The U.S. Coast Guard said that a crew from Air Station New Orleans evacuated a number of people from flooded areas in Terrebonne Parish, Louisiana.

Barry moved agonizingly slowly across Louisiana, expected to arrive Monday in Arkansas, producing thunderstorms and torrents of rain that may cause widespread flooding. 

Reclassified from a tropical storm to a tropical depression late Sunday afternoon, Barry’s maximum sustained winds were at 35 mph, and it was expected to weaken further as it moved north at a leisurely 9 mph, according to the National Hurricane Center.

After making landfall Saturday, Barry moved toward Shreveport on Sunday. The hurricane center warned of flooding from Louisiana northward through the lower Mississippi Valley.

Three inches of rain fell in the predawn hours Sunday in Jackson, Mississippi, leading to concerns about rising water levels in the state’s capital city. With more rain pounding already devastated agricultural areas, Mississippi Gov. Phil Bryant called on the federal government to install pumps. 

“The Mississippi River has been at flood stage for 150 days,” Bryant said at a press conference. “This is a historical, disastrous flood and this is just making it worse.”

Barry was expected to produce total rain accumulations of 6 to 12 inches over south-central Louisiana. In some places, rainfall could total 20 inches, the hurricane center said.

The heavy rainfall could cause trees to topple.

“The roots are so saturated that if any wind, or any kind of shift happens, they’re easier to come up out of the ground. It’s not snapping limbs – it’s the whole entire tree,” said Carrie Cuchens, who lost power at her home southeast of Lafayette, Louisiana.

In Morgan City, Louisiana, Lois and Steve Bergeron said the storm stirred up a lot of havoc in the yard, but “at least it didn’t hit our house,” Lois said.

The hurricane center said tornadoes were possible across portions of southeastern Louisiana, Mississippi, western Alabama, eastern Arkansas and western Tennessee.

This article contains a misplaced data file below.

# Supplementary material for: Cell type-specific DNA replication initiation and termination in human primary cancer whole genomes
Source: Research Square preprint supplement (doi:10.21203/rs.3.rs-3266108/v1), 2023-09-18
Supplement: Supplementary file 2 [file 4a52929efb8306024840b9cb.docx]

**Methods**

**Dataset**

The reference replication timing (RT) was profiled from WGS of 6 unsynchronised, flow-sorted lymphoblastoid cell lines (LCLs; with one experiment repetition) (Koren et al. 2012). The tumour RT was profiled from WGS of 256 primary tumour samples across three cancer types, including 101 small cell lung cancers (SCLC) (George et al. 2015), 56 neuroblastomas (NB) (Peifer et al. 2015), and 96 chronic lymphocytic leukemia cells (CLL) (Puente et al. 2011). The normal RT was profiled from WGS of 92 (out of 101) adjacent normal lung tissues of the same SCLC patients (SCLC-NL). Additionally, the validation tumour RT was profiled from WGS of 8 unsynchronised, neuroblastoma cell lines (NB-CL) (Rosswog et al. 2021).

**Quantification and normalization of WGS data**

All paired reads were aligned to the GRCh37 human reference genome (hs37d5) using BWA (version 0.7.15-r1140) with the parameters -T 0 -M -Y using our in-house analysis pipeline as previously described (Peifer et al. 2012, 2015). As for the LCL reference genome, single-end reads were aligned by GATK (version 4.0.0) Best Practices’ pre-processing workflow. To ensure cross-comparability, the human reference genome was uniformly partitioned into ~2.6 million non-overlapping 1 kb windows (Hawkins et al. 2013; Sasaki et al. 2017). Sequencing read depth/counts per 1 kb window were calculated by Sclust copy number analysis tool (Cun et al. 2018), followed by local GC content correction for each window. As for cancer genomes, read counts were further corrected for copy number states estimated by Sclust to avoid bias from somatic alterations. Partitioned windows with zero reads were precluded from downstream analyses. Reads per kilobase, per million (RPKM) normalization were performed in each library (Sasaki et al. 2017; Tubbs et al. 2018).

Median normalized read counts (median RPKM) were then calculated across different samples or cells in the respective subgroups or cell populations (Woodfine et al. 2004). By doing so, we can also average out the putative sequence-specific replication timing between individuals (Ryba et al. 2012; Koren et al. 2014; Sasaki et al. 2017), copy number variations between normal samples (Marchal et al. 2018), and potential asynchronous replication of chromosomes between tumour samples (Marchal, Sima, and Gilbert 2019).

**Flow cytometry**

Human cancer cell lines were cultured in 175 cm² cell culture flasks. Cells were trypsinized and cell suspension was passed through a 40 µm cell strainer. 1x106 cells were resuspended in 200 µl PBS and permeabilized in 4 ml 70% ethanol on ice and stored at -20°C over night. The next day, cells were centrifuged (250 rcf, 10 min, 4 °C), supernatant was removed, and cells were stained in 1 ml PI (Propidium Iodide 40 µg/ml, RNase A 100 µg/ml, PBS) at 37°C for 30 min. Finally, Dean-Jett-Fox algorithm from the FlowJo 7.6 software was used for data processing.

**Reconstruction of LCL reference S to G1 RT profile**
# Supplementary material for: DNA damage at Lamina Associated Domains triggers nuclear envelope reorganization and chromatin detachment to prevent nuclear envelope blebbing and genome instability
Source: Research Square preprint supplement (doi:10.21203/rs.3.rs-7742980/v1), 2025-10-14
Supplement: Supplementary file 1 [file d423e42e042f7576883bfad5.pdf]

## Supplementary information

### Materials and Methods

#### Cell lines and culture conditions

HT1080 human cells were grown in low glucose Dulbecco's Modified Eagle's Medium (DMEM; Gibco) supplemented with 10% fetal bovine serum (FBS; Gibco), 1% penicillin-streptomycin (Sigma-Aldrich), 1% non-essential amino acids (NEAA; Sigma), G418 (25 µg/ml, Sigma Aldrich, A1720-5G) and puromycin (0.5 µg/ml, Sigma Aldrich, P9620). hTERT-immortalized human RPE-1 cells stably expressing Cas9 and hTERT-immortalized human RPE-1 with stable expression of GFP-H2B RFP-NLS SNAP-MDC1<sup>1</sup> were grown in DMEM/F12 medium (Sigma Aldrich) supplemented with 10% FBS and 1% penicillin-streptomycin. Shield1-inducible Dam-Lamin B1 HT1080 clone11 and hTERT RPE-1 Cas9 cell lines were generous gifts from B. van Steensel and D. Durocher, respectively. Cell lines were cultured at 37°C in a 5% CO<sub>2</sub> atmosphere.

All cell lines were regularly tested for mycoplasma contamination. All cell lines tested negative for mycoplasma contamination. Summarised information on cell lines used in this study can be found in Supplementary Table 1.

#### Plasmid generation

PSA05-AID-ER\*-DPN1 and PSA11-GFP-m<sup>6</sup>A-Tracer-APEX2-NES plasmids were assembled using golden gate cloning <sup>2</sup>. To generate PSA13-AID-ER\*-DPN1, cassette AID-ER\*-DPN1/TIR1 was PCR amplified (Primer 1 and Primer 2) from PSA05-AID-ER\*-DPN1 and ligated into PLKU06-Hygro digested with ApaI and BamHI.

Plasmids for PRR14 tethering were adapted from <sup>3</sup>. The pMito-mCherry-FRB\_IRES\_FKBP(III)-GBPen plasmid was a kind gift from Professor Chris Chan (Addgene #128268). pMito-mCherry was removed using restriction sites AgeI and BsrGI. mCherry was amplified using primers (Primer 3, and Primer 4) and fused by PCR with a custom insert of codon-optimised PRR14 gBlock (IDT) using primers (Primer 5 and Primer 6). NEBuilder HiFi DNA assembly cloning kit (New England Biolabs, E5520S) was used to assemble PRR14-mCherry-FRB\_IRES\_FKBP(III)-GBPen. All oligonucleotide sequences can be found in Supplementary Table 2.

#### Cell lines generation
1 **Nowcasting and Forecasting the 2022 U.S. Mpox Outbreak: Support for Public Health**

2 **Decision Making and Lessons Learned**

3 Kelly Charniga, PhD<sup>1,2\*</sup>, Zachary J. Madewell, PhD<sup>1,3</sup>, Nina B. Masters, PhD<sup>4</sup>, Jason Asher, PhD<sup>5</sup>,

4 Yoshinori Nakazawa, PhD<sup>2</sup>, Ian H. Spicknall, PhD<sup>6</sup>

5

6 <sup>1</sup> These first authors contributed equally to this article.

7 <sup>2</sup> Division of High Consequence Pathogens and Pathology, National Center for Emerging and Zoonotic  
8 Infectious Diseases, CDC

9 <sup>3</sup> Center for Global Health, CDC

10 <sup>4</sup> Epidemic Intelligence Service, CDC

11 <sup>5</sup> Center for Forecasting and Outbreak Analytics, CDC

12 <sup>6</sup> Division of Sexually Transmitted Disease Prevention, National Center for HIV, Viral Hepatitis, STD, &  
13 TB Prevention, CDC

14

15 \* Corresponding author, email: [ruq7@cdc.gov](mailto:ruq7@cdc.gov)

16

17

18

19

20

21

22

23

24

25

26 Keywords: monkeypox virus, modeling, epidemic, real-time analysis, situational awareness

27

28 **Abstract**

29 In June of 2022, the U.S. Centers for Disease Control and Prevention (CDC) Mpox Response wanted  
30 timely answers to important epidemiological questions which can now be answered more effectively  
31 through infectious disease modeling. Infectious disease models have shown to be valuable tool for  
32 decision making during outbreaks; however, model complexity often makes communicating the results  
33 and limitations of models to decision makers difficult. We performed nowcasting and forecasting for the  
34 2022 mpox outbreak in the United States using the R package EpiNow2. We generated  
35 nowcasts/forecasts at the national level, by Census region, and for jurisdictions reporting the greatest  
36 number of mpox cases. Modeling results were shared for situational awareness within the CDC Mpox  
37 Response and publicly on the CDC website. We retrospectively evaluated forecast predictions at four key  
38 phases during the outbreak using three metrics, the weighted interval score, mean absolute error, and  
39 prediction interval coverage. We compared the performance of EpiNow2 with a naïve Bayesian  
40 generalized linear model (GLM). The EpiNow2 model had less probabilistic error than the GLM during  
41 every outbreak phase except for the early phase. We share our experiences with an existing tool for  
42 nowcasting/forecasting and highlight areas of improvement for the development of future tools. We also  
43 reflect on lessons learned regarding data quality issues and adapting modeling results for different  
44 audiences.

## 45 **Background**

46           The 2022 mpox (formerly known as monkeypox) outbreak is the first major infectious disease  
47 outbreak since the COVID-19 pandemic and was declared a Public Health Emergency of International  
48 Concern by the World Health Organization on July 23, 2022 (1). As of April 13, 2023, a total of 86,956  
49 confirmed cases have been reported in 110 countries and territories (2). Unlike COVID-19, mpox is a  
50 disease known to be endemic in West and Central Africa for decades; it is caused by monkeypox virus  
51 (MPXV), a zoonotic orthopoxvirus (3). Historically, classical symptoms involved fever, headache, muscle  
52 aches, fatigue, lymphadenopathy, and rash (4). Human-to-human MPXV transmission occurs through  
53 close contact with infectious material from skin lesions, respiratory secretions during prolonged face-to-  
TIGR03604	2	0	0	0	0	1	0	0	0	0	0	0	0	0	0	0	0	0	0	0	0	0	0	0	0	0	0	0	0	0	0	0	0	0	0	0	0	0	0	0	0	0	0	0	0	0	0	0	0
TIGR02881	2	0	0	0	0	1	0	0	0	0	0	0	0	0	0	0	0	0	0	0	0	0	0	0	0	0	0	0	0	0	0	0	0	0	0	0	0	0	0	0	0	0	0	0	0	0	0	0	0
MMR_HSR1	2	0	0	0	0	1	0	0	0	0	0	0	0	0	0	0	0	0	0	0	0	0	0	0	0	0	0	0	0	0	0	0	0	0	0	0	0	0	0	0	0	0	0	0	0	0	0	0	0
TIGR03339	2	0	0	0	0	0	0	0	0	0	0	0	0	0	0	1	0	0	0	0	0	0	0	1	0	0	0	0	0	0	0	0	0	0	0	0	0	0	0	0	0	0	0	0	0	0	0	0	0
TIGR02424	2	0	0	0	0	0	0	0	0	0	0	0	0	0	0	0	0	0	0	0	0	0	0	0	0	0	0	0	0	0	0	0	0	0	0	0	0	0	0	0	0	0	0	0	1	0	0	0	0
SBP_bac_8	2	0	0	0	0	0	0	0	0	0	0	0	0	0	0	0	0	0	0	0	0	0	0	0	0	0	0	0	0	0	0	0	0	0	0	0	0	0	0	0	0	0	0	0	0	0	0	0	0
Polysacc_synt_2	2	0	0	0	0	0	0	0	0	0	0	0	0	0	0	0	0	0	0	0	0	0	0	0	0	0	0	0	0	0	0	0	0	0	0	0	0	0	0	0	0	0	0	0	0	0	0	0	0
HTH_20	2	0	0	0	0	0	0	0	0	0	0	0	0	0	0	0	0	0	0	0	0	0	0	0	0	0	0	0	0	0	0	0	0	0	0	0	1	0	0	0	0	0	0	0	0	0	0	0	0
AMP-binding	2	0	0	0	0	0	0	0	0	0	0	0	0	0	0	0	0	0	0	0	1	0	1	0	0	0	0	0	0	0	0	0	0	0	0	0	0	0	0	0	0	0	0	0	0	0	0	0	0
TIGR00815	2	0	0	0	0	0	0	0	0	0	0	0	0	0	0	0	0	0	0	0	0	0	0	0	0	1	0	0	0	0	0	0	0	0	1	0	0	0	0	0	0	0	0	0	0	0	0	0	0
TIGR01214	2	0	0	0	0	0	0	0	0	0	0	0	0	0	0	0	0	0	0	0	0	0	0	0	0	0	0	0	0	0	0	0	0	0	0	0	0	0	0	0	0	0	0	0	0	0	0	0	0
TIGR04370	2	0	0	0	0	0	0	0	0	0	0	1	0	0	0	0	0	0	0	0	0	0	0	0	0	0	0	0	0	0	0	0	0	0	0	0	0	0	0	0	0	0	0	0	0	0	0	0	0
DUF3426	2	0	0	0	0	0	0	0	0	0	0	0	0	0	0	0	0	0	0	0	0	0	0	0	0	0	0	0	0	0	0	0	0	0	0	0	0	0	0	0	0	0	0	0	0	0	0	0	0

A police chief captured footage of flooding along a road in Golden Meadows, Louisiana as the Gulf Coast braces for Hurricane Barry.

Where is Barry now? Interactive storm tracker

About 130,000 Louisiana customers were without power at one point, before outages fell to about 88,000 late Sunday afternoon.

The good news: New Orleans’ levees held. The lower Mississippi River was opened to shipping Sunday morning, the Port of New Orleans said. Cruise ship arrivals and departures were expected to stay on schedule.

What to know: Tropical Storm Barry’s path, landfall, winds, flooding and more

Short-lived: Hurricane Barry weakens to tropical storm, risk of ‘life-threatening’ floods

Barry made landfall as a Category 1 Hurricane – the first hurricane of the season – near Intracoastal City, Louisiana, about 150 miles west of New Orleans. The storm entered the coast with sustained winds of up to 75 mph.

Louisiana Gov. John Bel Edwards warned people to not “let their guard down,” despite Barry’s weakened state.

“My concern is people are going to bed thinking the worst is behind us, and that may not be the case,” he said at a news conference Saturday night. “It’s going to be a long few days, and there are going to be some significant challenges.”

Contributing: Lici Beveridge, Hattiesburg (Miss.) American; Greg Hilburn, The (Monroe, La.) News-Star; The Associated Press